Don’t overlook foundational capabilities. Companies are often so eager to use cloud that they rush to build out or migrate applications without investing in critical foundational capabilities like automation or reference architectures. This has a number of value-killing effects, including long delays as cloud initiatives become jammed up, technical debt, and poor security and resiliency. IT resilience, in fact, represents almost 15 percent of the total value at stake in cloud.

Through more resilient architecture, for example, cloud can reduce downtime by almost 60 percent for migrated applications. When one payments company, for example, migrated its data centers to the cloud, availability almost doubled, while transaction times fell from 12 seconds to five.

Automation capabilities available from CSPs can also allow companies to better implement “security as code.” This approach renders cybersecurity policies and standards programmatically so they can be referenced automatically in the configuration scripts used to provision cloud systems.

Focus on migrating complete services. Companies have tended to focus their cloud efforts on transitioning applications, often with great urgency. This is theater, not strategy.  The result is often a disjointed set of applications on the cloud that don’t improve performance.

Take a customer’s buying process: If the user authentication app is on the cloud but payments processing still uses legacy systems, the benefits of cloud evaporate. The answer is to migrate a complete service or capability, such as mortgage origination, from beginning to end. This allows the business to build up the critical mass of mutually supporting applications to generate the full value. One bank, for example, is upgrading its retail payments to real time so is rebuilding everything in that domain, including its systems of engagement, integration and ecosystem layers, transaction processing, customer databases, fraud analytics, regulatory compliance, and service.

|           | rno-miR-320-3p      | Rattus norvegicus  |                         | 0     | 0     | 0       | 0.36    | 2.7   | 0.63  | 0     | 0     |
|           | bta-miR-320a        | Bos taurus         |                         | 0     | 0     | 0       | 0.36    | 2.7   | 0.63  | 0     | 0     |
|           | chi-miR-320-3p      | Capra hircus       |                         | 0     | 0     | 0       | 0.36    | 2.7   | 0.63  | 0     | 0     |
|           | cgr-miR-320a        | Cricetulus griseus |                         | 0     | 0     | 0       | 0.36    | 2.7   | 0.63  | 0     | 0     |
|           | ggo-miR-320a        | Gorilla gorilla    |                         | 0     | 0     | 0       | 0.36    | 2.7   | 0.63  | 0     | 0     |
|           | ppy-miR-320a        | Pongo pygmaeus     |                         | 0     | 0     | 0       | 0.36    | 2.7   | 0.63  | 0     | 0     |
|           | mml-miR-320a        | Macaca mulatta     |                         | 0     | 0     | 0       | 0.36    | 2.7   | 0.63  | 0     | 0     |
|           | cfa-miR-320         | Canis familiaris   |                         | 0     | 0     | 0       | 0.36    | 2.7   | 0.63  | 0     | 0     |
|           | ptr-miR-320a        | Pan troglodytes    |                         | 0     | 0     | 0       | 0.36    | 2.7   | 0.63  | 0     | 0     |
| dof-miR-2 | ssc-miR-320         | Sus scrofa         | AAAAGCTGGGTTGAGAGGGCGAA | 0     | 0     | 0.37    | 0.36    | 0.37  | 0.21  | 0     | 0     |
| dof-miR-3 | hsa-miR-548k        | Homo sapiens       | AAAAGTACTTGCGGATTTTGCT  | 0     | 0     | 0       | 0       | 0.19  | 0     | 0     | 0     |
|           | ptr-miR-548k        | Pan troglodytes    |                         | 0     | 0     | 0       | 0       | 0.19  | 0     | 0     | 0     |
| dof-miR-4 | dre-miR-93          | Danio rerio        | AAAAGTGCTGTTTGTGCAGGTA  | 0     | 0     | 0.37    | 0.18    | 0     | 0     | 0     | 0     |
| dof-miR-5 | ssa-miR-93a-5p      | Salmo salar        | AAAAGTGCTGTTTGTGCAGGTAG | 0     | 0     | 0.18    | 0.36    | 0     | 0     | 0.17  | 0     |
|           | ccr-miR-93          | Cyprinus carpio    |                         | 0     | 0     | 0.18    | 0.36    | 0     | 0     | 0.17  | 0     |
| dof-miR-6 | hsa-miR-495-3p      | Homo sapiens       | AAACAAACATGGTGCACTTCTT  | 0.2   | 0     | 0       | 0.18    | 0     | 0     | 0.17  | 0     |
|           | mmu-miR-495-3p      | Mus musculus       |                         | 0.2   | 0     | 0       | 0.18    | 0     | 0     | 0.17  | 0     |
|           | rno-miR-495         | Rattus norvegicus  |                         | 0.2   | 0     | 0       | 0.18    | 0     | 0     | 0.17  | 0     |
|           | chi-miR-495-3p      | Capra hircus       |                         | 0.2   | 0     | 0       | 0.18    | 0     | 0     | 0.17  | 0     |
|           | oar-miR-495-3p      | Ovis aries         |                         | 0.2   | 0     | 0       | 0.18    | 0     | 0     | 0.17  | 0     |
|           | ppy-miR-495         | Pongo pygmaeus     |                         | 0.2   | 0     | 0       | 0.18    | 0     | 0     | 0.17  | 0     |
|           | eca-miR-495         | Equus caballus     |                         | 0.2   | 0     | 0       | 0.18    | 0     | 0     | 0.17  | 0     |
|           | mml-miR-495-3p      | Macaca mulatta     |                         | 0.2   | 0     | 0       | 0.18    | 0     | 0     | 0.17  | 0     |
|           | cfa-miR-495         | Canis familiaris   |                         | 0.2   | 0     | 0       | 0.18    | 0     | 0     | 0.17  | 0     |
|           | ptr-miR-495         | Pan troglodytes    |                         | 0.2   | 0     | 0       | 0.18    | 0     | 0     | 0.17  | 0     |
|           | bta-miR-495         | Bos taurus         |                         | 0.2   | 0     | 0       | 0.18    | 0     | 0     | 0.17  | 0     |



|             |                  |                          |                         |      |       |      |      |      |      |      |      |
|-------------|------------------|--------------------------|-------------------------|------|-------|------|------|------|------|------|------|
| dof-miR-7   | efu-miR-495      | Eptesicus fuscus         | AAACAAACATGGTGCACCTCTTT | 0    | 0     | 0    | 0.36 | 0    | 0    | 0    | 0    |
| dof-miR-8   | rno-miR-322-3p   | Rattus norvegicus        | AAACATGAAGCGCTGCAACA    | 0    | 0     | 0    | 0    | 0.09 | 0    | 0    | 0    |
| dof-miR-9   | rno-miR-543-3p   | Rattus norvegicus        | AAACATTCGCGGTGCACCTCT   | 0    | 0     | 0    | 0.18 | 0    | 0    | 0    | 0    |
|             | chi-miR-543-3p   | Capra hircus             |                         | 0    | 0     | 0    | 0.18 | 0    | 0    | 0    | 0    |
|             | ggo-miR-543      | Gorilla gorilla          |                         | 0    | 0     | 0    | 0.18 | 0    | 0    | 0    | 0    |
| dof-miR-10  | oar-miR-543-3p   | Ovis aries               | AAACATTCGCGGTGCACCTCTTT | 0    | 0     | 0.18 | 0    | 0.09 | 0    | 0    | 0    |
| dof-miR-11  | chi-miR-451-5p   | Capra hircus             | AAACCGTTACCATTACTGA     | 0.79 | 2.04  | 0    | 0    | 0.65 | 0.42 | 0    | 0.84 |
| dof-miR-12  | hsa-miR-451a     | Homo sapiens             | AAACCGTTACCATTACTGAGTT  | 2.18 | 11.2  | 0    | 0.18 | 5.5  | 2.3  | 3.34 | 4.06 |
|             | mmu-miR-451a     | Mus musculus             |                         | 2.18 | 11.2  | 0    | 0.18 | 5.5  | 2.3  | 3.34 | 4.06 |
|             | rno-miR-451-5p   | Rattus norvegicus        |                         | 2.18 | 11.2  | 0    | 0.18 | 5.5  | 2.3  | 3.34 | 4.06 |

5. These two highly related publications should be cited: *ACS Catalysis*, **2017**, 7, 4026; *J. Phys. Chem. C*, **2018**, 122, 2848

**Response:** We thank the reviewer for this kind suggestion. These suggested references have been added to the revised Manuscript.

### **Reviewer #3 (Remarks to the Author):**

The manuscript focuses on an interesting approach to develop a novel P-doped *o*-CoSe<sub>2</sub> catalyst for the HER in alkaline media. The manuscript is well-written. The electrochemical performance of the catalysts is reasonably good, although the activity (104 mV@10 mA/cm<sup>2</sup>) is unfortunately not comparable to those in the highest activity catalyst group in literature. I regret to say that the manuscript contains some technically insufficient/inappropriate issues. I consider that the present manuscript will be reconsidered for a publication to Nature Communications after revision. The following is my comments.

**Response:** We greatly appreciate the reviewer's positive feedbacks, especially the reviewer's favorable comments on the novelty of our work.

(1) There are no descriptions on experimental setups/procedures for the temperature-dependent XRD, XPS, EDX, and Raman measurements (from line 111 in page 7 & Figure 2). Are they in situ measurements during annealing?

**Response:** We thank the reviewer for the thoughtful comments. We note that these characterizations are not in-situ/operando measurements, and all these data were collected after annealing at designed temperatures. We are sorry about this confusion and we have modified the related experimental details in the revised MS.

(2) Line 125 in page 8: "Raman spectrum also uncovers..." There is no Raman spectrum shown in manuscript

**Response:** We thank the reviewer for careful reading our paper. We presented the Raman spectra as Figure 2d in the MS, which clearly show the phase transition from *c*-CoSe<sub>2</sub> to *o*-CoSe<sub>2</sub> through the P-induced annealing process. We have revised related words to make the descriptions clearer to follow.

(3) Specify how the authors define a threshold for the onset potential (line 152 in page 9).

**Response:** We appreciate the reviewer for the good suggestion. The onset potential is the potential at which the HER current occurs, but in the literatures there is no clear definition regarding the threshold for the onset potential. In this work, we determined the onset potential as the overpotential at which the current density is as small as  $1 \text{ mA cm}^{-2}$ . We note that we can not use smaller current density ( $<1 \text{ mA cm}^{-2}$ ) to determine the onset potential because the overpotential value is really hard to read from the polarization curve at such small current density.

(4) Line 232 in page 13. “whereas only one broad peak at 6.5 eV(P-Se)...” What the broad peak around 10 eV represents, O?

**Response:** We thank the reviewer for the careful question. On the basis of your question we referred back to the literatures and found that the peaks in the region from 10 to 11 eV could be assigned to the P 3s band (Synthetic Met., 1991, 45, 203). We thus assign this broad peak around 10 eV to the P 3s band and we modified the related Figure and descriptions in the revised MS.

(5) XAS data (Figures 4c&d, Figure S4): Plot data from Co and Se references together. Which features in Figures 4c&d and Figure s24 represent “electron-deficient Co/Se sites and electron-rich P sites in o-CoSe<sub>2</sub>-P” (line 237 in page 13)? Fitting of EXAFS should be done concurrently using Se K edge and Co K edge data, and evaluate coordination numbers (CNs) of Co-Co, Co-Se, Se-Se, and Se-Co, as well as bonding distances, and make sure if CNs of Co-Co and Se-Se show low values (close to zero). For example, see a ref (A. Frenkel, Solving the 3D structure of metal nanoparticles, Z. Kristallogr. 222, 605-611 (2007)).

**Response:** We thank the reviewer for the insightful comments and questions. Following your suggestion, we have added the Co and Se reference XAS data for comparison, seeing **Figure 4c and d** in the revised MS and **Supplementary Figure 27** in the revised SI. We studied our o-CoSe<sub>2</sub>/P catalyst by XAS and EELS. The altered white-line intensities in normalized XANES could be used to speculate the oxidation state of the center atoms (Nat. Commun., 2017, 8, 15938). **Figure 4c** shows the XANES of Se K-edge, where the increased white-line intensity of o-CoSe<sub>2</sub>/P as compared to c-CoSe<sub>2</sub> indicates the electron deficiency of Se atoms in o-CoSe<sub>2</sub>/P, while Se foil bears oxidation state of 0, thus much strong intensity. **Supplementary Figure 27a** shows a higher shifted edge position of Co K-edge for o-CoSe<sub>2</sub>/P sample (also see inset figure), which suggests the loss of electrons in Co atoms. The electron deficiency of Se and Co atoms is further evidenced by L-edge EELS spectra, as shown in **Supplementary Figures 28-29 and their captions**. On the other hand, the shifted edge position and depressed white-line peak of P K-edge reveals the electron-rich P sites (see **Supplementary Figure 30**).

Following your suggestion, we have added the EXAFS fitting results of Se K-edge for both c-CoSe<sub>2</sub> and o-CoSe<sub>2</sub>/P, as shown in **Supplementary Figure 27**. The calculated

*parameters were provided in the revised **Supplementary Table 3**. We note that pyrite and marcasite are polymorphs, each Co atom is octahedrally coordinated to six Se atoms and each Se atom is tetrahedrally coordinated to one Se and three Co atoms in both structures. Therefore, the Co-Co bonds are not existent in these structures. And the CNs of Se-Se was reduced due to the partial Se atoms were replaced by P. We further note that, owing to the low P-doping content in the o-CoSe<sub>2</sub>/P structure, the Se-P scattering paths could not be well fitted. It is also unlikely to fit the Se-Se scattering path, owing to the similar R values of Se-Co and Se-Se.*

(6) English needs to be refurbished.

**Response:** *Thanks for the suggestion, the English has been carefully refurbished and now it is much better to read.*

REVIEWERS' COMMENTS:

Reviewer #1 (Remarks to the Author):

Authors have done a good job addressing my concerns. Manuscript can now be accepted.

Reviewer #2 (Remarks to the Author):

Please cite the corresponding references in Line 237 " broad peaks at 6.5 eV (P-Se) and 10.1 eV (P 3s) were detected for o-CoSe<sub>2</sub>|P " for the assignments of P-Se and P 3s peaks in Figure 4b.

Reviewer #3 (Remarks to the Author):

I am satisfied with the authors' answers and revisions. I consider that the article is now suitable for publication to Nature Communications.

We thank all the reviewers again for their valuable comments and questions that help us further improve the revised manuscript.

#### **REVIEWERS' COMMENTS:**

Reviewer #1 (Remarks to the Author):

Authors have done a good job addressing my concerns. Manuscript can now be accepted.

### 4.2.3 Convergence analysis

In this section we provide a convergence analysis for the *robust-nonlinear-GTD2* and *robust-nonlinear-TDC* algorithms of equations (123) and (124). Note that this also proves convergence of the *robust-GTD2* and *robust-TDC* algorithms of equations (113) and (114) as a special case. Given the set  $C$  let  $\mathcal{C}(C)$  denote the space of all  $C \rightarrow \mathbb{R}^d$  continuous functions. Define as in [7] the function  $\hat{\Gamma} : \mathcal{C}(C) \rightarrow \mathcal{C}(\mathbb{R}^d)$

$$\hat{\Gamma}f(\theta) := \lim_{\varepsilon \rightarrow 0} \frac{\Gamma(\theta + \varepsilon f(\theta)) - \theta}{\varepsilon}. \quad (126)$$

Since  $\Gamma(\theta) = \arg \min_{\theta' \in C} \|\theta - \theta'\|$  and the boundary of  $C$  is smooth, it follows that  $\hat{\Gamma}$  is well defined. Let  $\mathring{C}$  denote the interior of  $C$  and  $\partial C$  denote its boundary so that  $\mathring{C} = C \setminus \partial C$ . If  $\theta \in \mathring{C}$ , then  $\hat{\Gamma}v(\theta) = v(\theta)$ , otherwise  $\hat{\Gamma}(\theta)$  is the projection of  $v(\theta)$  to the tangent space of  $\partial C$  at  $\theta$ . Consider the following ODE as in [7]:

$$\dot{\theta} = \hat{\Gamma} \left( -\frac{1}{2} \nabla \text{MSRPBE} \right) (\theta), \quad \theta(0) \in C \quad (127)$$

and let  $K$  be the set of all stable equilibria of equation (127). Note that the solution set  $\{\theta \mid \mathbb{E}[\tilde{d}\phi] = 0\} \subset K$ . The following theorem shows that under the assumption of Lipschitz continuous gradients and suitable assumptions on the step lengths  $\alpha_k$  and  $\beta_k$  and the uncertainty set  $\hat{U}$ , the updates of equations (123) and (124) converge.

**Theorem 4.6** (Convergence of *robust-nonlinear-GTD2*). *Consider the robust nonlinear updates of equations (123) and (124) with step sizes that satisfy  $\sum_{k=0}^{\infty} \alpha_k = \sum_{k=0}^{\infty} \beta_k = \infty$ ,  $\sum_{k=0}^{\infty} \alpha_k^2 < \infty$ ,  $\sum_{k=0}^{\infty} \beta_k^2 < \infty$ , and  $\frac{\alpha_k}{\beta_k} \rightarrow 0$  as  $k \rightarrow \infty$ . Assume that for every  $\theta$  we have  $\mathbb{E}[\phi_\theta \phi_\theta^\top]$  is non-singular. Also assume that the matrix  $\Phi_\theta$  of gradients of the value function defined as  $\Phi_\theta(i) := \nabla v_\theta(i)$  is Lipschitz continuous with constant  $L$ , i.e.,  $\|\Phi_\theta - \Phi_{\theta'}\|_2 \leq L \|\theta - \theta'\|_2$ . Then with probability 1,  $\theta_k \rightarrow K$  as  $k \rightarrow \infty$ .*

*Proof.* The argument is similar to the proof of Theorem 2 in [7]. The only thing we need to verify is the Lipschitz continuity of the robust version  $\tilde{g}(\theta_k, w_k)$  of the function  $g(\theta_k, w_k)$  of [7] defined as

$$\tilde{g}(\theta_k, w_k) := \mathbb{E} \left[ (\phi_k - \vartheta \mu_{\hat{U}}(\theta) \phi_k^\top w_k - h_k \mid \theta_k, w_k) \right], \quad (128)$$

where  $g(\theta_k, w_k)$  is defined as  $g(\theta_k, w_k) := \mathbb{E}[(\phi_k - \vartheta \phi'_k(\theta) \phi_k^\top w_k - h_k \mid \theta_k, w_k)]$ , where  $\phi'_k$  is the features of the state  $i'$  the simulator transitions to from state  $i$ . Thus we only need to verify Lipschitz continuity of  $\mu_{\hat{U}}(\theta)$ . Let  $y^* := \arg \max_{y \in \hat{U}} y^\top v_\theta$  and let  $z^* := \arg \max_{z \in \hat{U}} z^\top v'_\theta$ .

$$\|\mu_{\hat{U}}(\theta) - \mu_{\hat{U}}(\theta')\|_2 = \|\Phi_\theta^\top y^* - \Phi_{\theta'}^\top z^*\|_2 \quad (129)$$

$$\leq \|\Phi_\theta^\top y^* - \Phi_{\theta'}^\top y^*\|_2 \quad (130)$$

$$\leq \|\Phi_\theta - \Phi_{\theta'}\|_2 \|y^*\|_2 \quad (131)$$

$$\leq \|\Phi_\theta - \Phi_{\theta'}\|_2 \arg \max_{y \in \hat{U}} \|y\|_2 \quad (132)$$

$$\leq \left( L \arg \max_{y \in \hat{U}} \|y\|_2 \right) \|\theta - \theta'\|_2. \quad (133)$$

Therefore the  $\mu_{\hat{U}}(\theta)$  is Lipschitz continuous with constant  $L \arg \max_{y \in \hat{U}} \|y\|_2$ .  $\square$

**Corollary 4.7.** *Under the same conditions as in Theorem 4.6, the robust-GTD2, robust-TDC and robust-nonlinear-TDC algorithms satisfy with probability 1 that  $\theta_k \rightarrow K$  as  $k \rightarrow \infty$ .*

The last word

The cloud can be used well, or it can be used poorly. Both are happening today. Understanding what it takes to create value rather than to simply move to the cloud is the way to ensure that big investments deliver big returns.  

Aamer Baig is a Senior Partner with McKinsey, based in Chicago. James Kaplan is a Partner with McKinsey, based in New York.